The right stuff
North Medford High School’s Space Tornado team is showing the rest of the country that it is capable of making the same high-pressure, multimillion-dollar decisions as some of the best engineering students in the country.
Despite some serious setbacks this past year, the high school’s first competitive aerospace engineering team is ranked at number 19 out of 354 high school StellarXplorers teams around the United States, according to astronomy teacher and planetarium director Robert Black, who has directed the team since October.
Like all teams ranked in the top 30% of the Air Force Association competition, North Medford’s eight-person team of juniors and seniors has earned a spot in the semifinals. Black said the strong showing thus far is impressive considering that it’s the school’s first year competing.
“I think they’re going to make it to nationals,” Black said, calling his team “top tier.”
Among the biggest blows of the Space Tornado’s first season was when one of the team captains, senior Sofia Marks, was diagnosed with cancer.
“She’s a champion,” Black said of Marks. “She was really able to synthesize these things into digestible problems.”
In October competitions, Marks was at the whiteboard helping the team stay focused during six hours of calculations and decision-making. By November, her leg was amputated and her immune system sensitivities forced her out of the classroom for her senior year.
On Wednesday afternoon, Marks arrived on crutches at Black’s classroom with the remaining eight students to wish the team well ahead of the national semifinals. It was the first time many had seen Marks since her diagnosis last fall.
She lit up as she learned that her team scored a perfect 20 out of 20 on the quiz that helped the team qualify for the semifinal round in the national competition.
“I’m really proud of them,” Marks said. “I just want to help on the sidelines all I can.”
If the Space Tornado does well at the StellarXplorers semifinals Feb. 26, the rest of the team could be headed to Texas. They’re up against stiff competition, however, which Black described as established high school programs around the country, including programs of kids whose parents are in the aerospace industry.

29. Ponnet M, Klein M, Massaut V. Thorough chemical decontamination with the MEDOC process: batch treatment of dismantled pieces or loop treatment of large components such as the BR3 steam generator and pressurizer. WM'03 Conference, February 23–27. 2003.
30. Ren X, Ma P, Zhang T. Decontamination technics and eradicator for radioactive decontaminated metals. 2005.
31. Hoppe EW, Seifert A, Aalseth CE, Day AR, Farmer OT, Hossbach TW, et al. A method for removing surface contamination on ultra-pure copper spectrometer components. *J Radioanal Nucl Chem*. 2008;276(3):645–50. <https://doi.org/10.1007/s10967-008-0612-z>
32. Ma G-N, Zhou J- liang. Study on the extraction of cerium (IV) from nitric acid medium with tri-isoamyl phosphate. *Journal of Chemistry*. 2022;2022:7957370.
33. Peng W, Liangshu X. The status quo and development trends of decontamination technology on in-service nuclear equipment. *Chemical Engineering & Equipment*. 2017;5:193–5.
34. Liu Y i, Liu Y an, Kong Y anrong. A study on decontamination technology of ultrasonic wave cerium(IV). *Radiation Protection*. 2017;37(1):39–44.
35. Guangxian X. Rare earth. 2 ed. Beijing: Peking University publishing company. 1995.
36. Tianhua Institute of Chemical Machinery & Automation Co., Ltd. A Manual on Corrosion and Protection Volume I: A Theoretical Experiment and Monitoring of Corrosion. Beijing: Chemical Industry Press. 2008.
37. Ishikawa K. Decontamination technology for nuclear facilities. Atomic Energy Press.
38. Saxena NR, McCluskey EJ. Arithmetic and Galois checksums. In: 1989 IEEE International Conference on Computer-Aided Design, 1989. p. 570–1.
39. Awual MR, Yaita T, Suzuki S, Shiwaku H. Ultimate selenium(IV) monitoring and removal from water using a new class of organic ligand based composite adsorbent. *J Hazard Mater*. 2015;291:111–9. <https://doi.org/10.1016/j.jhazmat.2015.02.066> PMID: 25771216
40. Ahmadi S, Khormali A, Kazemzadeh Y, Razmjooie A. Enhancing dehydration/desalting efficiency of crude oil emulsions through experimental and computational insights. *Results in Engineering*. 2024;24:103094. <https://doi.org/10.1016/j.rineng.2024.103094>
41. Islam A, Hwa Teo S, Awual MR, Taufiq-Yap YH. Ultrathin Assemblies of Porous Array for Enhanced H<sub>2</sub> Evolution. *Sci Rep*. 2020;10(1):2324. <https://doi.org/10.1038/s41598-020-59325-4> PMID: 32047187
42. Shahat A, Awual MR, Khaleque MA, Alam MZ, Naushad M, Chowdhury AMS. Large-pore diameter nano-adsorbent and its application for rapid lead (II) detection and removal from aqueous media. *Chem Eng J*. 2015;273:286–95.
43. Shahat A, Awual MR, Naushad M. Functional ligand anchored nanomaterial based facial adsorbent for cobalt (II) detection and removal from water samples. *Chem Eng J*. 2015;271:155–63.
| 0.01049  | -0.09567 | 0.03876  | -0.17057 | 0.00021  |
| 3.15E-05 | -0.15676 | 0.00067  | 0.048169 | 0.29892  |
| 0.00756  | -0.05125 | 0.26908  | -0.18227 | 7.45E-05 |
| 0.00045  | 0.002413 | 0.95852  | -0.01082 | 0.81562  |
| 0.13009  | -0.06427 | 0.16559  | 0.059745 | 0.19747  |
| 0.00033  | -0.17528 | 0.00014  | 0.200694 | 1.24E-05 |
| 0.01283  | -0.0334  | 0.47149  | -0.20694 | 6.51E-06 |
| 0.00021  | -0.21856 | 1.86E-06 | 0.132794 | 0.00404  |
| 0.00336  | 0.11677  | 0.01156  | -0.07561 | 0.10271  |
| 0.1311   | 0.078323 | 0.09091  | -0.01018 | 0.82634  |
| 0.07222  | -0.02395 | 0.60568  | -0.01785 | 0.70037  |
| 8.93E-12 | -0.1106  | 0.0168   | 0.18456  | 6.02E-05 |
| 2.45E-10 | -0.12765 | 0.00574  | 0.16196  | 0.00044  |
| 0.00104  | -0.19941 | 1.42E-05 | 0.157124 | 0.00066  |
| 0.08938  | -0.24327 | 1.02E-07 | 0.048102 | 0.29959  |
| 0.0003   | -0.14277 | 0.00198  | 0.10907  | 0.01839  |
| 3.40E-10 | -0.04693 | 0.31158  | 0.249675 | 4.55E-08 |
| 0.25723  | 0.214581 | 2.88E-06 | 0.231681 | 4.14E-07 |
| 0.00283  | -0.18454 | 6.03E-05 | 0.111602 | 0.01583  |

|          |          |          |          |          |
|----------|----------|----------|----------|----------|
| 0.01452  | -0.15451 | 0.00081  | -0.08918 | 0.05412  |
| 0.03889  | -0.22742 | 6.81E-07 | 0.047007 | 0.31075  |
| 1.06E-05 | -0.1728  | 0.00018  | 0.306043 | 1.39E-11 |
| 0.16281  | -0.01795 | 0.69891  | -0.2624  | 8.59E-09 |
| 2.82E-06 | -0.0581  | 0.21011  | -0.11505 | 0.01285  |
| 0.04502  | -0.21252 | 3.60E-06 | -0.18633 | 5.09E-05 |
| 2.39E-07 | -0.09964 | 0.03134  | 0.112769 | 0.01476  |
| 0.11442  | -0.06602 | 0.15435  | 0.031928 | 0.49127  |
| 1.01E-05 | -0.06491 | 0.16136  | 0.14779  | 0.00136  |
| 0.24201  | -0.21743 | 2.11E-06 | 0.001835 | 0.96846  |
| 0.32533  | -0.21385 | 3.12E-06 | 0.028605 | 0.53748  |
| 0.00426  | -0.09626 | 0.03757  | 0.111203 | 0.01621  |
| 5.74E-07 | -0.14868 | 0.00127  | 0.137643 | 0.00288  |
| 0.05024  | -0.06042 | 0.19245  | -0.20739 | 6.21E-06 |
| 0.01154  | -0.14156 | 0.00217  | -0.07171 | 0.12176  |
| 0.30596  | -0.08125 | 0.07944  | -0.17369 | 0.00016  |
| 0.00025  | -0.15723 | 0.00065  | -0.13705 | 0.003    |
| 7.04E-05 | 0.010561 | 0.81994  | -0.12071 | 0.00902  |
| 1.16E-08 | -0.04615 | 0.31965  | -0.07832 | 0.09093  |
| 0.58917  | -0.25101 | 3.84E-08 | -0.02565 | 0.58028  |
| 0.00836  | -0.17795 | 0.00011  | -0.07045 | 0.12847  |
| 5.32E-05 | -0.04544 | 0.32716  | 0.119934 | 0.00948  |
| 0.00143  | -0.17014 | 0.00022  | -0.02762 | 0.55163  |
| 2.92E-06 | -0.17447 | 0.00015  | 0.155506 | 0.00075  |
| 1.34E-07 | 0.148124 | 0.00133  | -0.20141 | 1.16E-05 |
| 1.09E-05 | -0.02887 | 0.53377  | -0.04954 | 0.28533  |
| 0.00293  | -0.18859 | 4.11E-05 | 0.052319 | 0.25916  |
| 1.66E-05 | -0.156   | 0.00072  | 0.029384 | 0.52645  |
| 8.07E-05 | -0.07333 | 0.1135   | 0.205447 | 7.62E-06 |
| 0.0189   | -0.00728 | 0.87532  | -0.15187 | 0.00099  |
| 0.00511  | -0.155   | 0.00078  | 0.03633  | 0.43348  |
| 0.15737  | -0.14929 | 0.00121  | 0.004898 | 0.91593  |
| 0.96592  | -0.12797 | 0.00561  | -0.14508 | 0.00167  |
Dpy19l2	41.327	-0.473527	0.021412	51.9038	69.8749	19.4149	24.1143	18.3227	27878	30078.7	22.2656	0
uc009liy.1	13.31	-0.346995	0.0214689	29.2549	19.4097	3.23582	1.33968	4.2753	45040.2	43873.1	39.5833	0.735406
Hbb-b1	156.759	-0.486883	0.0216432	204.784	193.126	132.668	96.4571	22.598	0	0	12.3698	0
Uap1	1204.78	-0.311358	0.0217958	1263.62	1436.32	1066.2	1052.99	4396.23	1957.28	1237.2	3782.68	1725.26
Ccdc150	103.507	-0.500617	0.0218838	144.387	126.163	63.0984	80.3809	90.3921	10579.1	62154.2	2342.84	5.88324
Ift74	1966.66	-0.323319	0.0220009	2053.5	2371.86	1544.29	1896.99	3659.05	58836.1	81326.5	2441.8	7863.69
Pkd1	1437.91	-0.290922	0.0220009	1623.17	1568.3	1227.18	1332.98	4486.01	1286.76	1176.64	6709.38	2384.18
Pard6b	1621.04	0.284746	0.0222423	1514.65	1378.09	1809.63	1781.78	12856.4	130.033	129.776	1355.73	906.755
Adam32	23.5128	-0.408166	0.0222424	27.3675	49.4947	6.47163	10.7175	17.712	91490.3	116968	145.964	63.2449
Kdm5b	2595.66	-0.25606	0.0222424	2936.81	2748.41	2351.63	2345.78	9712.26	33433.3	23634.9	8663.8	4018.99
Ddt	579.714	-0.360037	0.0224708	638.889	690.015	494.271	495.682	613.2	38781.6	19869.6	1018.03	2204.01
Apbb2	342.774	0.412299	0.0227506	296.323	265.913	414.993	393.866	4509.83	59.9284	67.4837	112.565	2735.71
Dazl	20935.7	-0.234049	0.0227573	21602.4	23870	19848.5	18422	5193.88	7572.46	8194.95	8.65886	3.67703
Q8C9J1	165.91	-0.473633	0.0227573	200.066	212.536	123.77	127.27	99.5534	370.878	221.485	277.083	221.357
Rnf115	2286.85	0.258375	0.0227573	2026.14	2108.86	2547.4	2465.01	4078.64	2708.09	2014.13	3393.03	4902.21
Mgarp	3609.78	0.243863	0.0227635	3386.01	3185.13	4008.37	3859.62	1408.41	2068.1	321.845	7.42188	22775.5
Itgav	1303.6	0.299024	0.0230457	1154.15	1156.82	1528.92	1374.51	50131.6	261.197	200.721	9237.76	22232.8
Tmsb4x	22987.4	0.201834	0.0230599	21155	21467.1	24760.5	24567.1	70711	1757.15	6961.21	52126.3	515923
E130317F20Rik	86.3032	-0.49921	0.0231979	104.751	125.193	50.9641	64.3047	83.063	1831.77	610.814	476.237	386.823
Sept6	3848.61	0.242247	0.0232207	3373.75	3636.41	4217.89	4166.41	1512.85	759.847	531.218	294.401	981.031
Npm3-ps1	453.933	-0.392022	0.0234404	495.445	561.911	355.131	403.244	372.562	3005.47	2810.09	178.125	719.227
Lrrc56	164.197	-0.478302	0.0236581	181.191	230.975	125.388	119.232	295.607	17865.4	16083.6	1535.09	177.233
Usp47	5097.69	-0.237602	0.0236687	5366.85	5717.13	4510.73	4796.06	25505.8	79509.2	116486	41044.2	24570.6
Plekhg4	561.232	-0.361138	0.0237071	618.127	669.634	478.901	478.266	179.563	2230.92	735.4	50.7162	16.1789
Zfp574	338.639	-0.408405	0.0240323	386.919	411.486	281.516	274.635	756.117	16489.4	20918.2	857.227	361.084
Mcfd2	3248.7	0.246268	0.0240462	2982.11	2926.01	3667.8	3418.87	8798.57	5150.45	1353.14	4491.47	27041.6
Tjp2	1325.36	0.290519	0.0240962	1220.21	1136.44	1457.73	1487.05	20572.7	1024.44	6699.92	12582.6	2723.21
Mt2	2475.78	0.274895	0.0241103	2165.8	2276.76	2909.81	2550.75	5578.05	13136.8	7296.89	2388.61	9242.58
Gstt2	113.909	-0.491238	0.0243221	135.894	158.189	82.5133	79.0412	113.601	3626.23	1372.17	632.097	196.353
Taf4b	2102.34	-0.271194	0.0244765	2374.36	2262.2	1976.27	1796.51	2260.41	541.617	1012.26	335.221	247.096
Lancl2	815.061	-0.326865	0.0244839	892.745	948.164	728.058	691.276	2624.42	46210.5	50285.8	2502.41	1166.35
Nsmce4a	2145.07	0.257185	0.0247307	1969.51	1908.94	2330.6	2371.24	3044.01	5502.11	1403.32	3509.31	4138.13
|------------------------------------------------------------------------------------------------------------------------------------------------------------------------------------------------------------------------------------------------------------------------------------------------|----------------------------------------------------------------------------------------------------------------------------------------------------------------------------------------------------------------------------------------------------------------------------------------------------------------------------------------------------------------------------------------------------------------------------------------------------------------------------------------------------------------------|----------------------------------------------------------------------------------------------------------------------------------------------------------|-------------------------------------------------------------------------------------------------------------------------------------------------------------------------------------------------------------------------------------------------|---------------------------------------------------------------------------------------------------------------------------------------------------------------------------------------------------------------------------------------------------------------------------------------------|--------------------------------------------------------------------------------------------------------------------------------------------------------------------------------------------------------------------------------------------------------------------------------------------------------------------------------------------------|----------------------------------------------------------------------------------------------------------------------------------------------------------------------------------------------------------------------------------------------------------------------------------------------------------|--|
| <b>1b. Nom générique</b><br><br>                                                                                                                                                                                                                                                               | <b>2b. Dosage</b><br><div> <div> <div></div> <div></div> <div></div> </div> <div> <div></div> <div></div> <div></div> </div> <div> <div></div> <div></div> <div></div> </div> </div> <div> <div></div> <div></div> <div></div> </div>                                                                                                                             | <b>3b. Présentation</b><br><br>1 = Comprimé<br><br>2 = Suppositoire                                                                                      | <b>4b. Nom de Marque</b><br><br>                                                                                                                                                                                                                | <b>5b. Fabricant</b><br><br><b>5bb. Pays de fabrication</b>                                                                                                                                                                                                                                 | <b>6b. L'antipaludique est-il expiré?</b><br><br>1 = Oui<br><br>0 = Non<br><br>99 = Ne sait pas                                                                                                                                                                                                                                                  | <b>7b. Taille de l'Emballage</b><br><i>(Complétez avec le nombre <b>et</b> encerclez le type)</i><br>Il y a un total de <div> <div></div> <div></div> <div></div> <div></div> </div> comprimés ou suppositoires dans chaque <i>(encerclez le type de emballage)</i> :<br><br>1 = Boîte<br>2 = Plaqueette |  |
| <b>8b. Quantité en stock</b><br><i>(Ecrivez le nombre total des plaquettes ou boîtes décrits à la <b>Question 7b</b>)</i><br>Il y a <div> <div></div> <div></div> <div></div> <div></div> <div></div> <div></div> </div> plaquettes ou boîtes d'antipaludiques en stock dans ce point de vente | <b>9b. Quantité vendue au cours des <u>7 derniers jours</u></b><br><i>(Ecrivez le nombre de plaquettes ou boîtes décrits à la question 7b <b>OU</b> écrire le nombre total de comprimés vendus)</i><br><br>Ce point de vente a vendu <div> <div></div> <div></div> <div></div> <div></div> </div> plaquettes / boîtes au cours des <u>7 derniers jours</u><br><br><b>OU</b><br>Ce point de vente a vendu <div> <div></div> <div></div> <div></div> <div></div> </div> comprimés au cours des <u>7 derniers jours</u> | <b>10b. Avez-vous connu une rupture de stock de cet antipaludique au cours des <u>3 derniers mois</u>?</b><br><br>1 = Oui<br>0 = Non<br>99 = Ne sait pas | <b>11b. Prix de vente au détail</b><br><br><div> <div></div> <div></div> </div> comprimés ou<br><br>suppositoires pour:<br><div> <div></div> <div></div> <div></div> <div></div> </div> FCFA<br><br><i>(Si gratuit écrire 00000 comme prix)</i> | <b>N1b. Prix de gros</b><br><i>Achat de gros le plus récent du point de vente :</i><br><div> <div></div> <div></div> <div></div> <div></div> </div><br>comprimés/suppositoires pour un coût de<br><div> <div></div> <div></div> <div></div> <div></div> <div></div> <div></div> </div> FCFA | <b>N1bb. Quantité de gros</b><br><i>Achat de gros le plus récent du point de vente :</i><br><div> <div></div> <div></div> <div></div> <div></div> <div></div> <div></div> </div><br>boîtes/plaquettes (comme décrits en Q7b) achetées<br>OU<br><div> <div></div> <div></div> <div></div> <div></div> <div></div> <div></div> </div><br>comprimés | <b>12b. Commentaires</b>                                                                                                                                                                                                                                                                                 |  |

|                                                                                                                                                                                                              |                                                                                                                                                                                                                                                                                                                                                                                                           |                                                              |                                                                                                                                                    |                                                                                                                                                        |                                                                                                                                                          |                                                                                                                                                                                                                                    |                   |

“It’s tough to beat those teams from Houston and Florida,” Black said.
The teens wrestle with the same problems that NASA, the European Space Agency and the Japan Aerospace Exploration Agency face in scenarios such as selecting satellite, rocket components and launch locations for endeavors that can cost tens of millions of dollars, according to Black. They use the same software NASA uses — albeit an outdated version — to get realtime orbit data.
“You’re selecting an orbit, you’re selecting a type of transmitter, you’re selecting a receiver,” Black said, adding that they’re balancing the energy needs and weight of the system.
One scenario during a competition earlier this month challenged the team to design a camera satellite that would maximize its time in orbit monitoring WestCoast wildfires. Others have focused on satellite imagery used to monitor fish habitats.
“They’re real-life problems,” Black said.
The Air Force Association competition awards points based on the team’s ability to make the myriad complex decisions on time and under budget. The twist is that these teens have mere hours to tackle a scenario that real aerospace engineers need weeks or months to solve.
“You just can’t focus that much for six hours,” Black said.
Some on the team, such as junior Mesach Hardy, work best in Excel to quickly compile data on the roughly six dozen combinations of components and how each decision impacts gravitational force or maximum days in orbit.
Others in the team work better using a whiteboard, according to senior Charles Tang. He described how the team learned to utilize breaks to stay calm and focused on the problem at hand as pressure builds.
“We’ve been referring to them as ‘brain breaks,’” Tang said.
For junior Emmily Minihan, the competition is a relaxed chance to find out what part of the field she enjoys most.
Minihan has been interested in space since elementary school, but she’s learned that she’s more interested in the science of astronomy than the math of engineering.
“I can do the engineering, but the science is more fun,” Minihan said. “I think this is a good step for getting my feet wet before I make any decisions for college.”
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